Over the years, information security has become one of the most important factors in the health care business. Even though the world’s technological advancements have made many aspects of people’s lives healthier and more efficient, they’ve also created new risks to patient data. As such, technology has also introduced enormous security risks.
With that in mind, read through this article as you’ll learn some tips and techniques to keep your patients’ data safe and secure.
Tech Tips To Keep Your Patients’ Data Safe
Since cybercriminals are always coming up with new ways to access or steal information online, healthcare providers need to update their security measures regularly. That’s why HIPAA rules and data privacy and protection compliance in the health care sector are so important.
Even the most negligible technological exposure can have enormous implications for health care practitioners and organizations. That said, here are some helpful tips for maintaining compliance while keeping patient data secure:
1. Use A HIPAA-Compliant File-Sharing Tool
When sharing protected health information (PHI) files among your team, always make sure you’re using a HIPAA-compliant file-sharing tool. These tools typically offer additional security features such as encryption and limited access to confidential data.
These file-sharing tools usually use unique user IDs and passwords for each user and maintain audit trails on all activities with shared data. You can also configure settings to secure activity notifications for admins. They also allow users to control who sees their files and is granted permission to modify and access them.
2. Password-Protect Your Smartphone
One primary reason for PHI security breaches were due to lost or stolen devices. Because of this, it’s crucial for healthcare professionals to follow best practices in cybersecurity, such as password-protecting their smartphones and other mobile devices that they use for work and keeping them separate from personal ones. Consequently, personnel who are authorized to access PHI using their mobile devices to access sensitive data are obliged to enable the auto-lockout function to safeguard electronic protected health information (ePHI) from any more unauthorized access.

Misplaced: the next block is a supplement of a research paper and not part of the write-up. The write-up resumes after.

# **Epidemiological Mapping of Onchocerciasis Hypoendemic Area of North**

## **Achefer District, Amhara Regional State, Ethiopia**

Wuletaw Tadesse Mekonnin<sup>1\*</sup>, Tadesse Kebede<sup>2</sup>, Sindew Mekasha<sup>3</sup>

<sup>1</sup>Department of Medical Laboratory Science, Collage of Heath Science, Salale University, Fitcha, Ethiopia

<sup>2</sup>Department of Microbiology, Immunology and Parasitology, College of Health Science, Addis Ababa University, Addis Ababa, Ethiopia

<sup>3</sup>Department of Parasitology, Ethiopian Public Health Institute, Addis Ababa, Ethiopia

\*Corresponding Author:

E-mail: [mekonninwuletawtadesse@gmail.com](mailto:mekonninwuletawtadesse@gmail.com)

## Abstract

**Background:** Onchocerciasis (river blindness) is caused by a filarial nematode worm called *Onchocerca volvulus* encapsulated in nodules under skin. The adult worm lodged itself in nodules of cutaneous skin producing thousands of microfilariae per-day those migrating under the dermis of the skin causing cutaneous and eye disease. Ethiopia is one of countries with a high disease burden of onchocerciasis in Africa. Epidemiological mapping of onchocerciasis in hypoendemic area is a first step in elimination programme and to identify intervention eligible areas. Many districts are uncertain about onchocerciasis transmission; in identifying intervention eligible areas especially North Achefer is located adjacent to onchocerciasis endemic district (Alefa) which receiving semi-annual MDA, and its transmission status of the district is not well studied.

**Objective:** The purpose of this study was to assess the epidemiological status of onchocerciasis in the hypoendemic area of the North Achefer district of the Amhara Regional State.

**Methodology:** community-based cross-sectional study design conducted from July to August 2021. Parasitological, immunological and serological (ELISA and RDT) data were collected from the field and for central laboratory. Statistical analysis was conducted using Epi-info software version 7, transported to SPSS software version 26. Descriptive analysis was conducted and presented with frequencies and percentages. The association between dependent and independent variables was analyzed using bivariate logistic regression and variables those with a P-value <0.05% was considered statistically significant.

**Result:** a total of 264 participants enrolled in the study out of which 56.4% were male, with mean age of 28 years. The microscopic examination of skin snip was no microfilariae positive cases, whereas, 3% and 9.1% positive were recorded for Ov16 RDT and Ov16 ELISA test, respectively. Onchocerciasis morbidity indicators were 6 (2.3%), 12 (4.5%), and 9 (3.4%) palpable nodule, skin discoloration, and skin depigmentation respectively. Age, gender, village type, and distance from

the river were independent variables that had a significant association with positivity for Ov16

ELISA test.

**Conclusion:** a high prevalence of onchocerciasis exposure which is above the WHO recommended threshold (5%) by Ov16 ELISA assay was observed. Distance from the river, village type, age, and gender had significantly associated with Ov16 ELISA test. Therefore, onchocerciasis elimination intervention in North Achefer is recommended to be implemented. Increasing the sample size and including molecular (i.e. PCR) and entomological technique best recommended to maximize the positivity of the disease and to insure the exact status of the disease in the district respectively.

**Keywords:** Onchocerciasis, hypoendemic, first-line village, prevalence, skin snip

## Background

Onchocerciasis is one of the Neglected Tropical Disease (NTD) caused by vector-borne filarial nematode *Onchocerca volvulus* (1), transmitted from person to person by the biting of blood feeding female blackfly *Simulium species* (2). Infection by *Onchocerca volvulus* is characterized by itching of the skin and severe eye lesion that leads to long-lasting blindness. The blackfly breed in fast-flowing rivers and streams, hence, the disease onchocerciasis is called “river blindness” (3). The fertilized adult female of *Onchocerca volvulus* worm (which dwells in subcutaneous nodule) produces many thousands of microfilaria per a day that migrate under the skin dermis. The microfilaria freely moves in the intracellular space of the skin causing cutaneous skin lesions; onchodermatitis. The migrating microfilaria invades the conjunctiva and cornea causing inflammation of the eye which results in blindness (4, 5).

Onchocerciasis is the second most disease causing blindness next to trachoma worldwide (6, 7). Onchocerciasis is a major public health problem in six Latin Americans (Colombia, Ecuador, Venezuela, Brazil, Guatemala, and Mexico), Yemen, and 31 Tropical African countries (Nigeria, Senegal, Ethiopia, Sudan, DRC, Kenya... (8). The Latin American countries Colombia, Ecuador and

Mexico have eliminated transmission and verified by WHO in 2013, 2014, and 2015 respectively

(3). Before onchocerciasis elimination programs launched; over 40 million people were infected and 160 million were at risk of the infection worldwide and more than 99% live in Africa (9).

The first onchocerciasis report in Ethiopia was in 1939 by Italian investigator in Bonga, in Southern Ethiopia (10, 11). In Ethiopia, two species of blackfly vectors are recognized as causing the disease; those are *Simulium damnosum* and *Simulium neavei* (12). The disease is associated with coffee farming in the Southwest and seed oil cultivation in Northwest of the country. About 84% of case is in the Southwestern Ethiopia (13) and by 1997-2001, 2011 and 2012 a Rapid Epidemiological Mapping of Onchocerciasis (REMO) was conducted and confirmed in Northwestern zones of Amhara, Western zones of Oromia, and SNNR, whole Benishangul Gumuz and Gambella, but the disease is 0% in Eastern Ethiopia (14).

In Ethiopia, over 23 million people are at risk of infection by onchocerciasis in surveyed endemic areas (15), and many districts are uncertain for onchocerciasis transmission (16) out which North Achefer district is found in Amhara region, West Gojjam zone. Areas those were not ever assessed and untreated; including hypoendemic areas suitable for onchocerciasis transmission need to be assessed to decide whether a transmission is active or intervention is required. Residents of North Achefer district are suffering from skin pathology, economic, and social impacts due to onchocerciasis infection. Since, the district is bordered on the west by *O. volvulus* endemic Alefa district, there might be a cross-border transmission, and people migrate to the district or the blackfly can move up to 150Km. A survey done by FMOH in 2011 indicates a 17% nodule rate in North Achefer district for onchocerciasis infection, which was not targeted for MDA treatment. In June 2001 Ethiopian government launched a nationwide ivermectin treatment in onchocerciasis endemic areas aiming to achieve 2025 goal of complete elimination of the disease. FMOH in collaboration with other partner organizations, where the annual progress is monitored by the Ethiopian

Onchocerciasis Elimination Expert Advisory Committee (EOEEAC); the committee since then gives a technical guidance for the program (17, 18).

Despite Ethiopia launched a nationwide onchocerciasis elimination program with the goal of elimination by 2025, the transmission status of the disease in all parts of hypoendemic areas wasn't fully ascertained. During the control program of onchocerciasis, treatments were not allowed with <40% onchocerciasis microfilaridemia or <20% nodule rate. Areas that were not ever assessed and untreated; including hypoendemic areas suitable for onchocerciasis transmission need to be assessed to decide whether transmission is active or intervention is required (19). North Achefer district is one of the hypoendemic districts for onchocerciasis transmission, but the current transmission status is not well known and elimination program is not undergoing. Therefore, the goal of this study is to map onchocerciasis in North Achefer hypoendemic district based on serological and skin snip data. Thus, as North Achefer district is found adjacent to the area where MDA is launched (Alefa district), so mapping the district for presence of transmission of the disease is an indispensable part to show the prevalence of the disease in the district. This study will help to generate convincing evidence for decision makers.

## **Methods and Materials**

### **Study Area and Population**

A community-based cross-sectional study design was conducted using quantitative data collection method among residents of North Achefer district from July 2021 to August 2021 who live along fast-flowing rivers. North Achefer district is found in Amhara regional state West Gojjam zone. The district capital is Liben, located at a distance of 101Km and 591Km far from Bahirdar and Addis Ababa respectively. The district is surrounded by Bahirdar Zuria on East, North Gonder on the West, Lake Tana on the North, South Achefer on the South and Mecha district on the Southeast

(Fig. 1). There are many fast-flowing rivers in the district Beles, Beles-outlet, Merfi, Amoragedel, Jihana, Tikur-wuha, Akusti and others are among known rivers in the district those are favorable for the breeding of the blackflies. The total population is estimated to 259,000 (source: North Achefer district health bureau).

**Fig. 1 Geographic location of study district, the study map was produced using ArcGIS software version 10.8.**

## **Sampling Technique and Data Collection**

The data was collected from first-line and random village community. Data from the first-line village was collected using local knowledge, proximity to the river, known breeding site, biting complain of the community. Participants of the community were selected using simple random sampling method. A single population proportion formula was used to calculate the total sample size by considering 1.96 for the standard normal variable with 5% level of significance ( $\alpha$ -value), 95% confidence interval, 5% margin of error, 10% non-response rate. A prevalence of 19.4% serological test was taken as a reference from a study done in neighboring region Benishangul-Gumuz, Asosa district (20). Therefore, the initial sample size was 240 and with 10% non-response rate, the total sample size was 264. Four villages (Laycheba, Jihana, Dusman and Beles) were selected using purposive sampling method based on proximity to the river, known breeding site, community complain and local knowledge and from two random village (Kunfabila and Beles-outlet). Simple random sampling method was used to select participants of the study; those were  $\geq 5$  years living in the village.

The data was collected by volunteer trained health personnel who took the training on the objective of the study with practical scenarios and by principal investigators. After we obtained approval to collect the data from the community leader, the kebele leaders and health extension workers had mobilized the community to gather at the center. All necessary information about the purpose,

3. Use Two-Factor Authentication
Two-factor authentication or 2FA is an enhanced form of security that requires more than one method of validation. For example, for a user to log in to their account, they’d need something they know (their username and password) as well as something sent only to them (a unique code provided by any two of these methods: text message, email, time-based one-time password [TOTP], etc.).
This security measure makes it harder for hackers to gain access to someone’s account. When choosing a 2FA app for your smartphone, it’d be best to double-check that it generates TOTP passcodes and uses an app-specific password or 2FA backup codes instead of SMS as the second authentication method.
4. Use An Encrypting Solution for PHI
To protect electronically stored PHI, you must encrypt all the data. Encryption is a process that prevents malware from accessing patient records and scrambles the data so only authorized individuals can access it. Encrypting will not render your data unreadable in case of a disaster or loss but instead prevent unauthorized personnel from accessing the information.
5. Avoid Using Wireless Networks With PHI
Even if you’re using an encrypted computing device, you must keep the wireless networks you use for work purposes separate from those used for personal devices (smartphones, tablets, home laptops) or other non-work-related activities on your network. This is because personal devices are more likely to contain malware that may compromise your data while also exposing PHI to the risk of theft or loss.
6. Leave Your PHI At Work
Avoid sending sensitive patient information via text message, email, voice mail, or other channels. If you absolutely must share PHI outside of work hours, make sure it’s encrypted and that you’re using a secure method.
7. Keep Your Operating System Updated
Make sure your operating system and all other software you use for work purposes are updated with the developer’s latest security patches. Developers also advise that you install an antivirus program on your computer and use it regularly to scan for any possible threats.
8. Use An Off-Site Backup System For All PHI Files
When storing files with PHI on servers, always be sure that they’re stored separately from non-PHI data. This practice can help prevent ransomware attacks. Ransomware attacks lock a user’s files and then demand a ransom to restore access. In case non-PHI data has been compromised, PHI data will still be safe.
Technological advancements have made it easier for hospitals and healthcare providers to store, process, share, and track patient data more efficiently. However, the same things that make digital records so helpful can also introduce security risks. That’s why proper steps for enhancing your HIPAA compliance must be taken to harness the benefits of this technology without exposing sensitive PHI to breaches or theft.
By following the tips on this list, you can ensure that PHI is available when needed but remains out of reach for cybercriminals.
Cover Image by Adobe Stock